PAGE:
So I was looking forward to sampling Polish cuisine on its home turf and because Poland had its “special friends” from Russian there until 1989 there is also a selection of Ukrainian, Byelorussian, Georgian and Armenian restaurants in Kraków. So these days there is plenty of variety even if first time visitors might get the impression that the Polish National dish is something called a “Kebabsky” with a “Chessburgy” a close second! Ignoring such delights when I was in Kraków a few days ago I enjoyed spending time reading at Massolit, drinking warm beer (alarmingly good!) at Alchemia, wandering through Kazimierz and staving off the cold by drinking cups of Grzaniec Galicyjski (Galicia is the old name for Southern Poland) – a mulled wine served from street stands in Rynek Glowny.
A Kraków cafe forever in Mittel Europa
Going through the seat of the Polish Kings, Wavel Castle overlooking Kraków, on a cold day we appreciated the high standard in the spotless visitor’s restaurant where we refuelled and warmed up with two staples, bowls of Borshtch served with potato croquettes and White Borshtch with sausage. They were both accompanied with very good bread and a pottery mug of traditional Polish mulled wine. More than enough to reinvigorate the body and soul before setting forth to explore the fascinating spiritual, cultural and educational capital of Free Poland and the actual capital and seat of the Polish Kings for over 400 years. Here are the recipes for a typical Polish winter warmer experience.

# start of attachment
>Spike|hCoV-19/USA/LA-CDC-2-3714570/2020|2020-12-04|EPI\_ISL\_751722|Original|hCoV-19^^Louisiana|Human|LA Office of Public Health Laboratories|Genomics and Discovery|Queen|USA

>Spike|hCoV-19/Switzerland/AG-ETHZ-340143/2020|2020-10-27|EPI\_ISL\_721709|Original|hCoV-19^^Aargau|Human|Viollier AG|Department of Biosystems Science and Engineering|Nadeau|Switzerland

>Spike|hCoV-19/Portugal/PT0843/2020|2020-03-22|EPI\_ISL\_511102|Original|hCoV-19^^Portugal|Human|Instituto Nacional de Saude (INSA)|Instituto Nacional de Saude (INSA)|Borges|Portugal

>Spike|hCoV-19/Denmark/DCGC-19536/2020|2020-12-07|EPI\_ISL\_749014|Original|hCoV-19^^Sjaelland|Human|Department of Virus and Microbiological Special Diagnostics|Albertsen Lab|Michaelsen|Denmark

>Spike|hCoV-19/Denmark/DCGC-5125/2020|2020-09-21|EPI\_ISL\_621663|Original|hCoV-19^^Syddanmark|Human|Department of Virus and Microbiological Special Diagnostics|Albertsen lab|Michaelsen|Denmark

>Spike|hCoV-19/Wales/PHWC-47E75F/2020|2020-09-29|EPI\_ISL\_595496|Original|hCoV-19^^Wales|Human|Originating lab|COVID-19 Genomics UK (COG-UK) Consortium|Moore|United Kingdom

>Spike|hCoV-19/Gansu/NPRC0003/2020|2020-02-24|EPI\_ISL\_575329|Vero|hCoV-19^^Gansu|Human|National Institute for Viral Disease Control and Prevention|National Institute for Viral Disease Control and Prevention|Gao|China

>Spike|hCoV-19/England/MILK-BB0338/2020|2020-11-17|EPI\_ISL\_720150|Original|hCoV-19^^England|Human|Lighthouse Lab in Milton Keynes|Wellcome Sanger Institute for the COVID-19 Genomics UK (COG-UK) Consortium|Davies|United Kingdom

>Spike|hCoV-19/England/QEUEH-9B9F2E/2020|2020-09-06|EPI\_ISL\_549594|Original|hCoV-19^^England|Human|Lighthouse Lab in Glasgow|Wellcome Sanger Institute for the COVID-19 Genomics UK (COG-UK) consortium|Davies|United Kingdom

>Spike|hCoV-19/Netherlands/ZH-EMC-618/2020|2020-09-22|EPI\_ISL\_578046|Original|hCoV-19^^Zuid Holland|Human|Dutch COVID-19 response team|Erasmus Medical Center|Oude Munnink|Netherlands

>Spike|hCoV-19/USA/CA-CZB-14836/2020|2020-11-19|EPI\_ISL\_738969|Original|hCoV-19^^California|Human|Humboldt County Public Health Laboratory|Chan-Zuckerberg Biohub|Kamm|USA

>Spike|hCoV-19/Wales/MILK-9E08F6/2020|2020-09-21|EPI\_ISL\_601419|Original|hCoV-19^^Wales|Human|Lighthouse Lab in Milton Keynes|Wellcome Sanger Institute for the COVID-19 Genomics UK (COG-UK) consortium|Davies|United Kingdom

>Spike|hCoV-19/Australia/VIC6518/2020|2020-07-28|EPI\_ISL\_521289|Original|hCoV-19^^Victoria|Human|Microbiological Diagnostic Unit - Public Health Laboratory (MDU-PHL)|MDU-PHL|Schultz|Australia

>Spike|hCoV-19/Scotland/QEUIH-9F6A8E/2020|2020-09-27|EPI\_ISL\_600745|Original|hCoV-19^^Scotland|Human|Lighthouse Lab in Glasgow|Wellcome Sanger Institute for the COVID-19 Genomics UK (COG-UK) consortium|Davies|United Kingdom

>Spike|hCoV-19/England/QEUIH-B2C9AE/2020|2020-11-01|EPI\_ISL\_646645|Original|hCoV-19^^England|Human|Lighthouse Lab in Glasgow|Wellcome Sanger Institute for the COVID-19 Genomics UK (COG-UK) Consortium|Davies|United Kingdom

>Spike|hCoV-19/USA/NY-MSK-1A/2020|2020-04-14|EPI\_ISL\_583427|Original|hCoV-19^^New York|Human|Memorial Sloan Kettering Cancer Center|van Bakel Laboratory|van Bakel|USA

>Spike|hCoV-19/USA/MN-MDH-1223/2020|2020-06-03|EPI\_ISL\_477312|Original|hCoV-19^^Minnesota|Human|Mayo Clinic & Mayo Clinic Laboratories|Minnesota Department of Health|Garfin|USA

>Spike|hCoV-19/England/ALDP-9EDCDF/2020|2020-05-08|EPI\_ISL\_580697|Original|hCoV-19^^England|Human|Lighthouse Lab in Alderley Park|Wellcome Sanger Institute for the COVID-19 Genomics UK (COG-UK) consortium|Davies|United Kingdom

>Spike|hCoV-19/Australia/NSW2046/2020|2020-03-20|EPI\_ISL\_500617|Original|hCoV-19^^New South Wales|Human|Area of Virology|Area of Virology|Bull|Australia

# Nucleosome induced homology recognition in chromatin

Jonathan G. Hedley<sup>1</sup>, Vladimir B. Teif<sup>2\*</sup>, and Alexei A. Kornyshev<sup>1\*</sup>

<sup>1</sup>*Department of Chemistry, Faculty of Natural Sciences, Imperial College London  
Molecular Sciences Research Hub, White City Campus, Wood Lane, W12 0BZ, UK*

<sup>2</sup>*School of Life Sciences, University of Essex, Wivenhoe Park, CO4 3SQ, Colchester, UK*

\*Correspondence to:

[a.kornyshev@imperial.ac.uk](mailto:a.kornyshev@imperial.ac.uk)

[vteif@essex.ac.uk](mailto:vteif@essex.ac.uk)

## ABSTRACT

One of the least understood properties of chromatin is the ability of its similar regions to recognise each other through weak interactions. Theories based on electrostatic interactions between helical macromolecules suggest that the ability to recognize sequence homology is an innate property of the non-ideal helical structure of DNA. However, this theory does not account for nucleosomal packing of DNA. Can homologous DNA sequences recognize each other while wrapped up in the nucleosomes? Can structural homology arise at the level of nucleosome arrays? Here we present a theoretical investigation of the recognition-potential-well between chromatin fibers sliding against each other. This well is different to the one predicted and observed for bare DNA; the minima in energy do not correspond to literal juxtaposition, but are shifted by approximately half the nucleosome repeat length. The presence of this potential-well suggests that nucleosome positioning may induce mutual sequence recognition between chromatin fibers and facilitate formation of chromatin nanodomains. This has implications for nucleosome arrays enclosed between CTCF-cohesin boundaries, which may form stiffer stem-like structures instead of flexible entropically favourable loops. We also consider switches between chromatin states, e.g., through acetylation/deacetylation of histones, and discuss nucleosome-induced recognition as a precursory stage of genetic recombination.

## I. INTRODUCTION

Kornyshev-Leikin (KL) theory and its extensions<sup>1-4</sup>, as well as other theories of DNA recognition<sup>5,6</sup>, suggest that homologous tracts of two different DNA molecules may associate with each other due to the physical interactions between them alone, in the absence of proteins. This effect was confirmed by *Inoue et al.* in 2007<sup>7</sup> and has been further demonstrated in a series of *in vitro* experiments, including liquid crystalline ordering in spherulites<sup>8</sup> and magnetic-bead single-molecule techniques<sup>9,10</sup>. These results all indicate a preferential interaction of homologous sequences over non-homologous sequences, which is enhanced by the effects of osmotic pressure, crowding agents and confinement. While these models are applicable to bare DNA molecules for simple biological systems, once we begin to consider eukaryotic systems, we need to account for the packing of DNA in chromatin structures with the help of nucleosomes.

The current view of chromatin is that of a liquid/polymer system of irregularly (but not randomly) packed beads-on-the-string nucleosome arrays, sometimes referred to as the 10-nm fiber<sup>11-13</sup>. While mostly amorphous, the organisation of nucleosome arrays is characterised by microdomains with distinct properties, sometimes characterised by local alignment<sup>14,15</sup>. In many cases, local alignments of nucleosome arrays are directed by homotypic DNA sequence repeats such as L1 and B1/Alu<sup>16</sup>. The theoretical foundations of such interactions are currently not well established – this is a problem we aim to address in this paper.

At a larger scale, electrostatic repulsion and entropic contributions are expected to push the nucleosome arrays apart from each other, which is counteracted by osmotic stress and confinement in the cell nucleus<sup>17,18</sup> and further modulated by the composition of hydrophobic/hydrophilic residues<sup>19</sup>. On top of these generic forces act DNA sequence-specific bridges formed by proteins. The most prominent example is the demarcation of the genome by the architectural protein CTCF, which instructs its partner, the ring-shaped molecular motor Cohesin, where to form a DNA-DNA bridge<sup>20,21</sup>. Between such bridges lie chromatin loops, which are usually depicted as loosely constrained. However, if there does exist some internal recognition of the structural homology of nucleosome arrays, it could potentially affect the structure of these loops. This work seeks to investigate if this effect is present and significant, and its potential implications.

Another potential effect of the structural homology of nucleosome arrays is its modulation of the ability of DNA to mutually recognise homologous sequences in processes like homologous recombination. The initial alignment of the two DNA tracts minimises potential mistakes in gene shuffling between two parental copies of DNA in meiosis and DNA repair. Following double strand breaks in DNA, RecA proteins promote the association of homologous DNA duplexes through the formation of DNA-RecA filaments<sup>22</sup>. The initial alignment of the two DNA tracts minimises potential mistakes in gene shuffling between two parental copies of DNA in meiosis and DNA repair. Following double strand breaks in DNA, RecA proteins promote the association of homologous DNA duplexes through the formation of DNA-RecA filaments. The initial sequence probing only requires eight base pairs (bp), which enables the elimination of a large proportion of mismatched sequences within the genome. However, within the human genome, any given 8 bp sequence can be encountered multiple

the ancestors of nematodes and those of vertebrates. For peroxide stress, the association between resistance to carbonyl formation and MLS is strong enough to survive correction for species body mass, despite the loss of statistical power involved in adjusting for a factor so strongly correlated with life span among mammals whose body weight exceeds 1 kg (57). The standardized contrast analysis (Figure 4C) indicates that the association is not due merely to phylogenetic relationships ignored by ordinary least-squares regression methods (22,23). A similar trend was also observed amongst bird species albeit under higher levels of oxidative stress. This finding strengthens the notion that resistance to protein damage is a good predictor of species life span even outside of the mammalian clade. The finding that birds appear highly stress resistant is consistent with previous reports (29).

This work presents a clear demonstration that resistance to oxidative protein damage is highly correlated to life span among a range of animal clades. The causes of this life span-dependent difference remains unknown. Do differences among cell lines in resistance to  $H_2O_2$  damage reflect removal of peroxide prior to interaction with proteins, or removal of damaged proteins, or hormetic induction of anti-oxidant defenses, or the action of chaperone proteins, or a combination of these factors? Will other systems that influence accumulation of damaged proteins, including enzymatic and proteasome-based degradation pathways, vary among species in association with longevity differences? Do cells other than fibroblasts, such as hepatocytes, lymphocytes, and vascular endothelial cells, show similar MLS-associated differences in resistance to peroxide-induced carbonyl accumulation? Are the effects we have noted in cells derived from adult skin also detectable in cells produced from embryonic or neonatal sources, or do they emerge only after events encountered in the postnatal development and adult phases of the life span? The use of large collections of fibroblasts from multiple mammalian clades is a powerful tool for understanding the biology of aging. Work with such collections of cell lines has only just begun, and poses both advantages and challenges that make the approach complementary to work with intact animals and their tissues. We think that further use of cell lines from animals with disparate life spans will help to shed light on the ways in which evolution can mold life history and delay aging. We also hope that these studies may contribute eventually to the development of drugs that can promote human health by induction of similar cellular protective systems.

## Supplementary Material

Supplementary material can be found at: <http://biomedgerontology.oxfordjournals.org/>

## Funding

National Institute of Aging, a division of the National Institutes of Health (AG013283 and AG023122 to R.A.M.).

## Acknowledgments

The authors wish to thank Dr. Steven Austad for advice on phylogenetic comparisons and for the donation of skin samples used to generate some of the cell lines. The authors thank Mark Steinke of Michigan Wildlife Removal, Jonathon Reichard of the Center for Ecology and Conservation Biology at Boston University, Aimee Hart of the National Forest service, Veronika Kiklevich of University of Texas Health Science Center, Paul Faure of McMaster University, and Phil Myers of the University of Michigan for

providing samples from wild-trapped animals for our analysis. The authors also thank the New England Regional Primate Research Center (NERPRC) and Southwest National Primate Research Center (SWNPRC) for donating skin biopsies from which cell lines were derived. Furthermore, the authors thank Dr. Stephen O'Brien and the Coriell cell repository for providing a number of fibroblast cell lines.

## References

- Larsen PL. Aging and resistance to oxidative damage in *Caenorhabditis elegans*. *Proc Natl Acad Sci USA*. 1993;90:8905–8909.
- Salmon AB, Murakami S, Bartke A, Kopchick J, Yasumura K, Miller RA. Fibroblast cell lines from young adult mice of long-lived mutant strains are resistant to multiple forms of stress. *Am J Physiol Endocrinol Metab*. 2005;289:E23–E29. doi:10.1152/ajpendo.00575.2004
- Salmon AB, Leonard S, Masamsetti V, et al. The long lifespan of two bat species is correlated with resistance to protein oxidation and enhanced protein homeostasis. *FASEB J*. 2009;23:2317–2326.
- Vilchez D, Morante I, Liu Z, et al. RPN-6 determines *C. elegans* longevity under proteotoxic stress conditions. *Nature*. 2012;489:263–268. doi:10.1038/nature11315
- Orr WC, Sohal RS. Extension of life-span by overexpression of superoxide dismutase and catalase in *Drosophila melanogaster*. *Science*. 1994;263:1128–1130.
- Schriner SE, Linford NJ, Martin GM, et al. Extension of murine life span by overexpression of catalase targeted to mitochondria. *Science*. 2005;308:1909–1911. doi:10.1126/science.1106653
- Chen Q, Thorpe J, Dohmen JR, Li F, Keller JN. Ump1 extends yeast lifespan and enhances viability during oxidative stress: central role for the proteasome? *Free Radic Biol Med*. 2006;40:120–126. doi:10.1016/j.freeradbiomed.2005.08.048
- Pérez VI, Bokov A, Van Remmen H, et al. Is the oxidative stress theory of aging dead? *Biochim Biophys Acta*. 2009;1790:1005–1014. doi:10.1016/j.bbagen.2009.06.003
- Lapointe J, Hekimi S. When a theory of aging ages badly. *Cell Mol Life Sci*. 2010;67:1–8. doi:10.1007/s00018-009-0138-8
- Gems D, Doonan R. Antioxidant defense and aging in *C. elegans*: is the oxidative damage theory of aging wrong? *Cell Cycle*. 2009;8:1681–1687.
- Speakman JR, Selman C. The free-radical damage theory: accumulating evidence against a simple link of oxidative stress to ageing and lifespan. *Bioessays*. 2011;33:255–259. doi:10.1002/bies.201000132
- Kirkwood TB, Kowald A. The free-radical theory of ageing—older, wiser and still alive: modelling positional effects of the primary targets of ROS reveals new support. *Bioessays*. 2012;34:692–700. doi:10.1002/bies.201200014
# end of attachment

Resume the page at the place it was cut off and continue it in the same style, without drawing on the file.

White Borshtch with sausage
Makes 5/6 generous portions of this guaranteed winter warmer.
450 g. Polish sausage
1 litre buttermilk
1 cup milk
3 tablespoons flour
Salt to taste
Boiled potatoes, optional
Hard boiled egg, optional
Prepared horseradish, optional
Place .75 litres of water in a large pan. Add sausage and bring to a boil over high heat. Reduce heat to low-simmer and cook, covered, for 30 minutes. Remove sausage, reserving cooking liquid, and set sausage aside to cool.
Add buttermilk to cooking liquid and return to boil, reduce heat to low and simmer.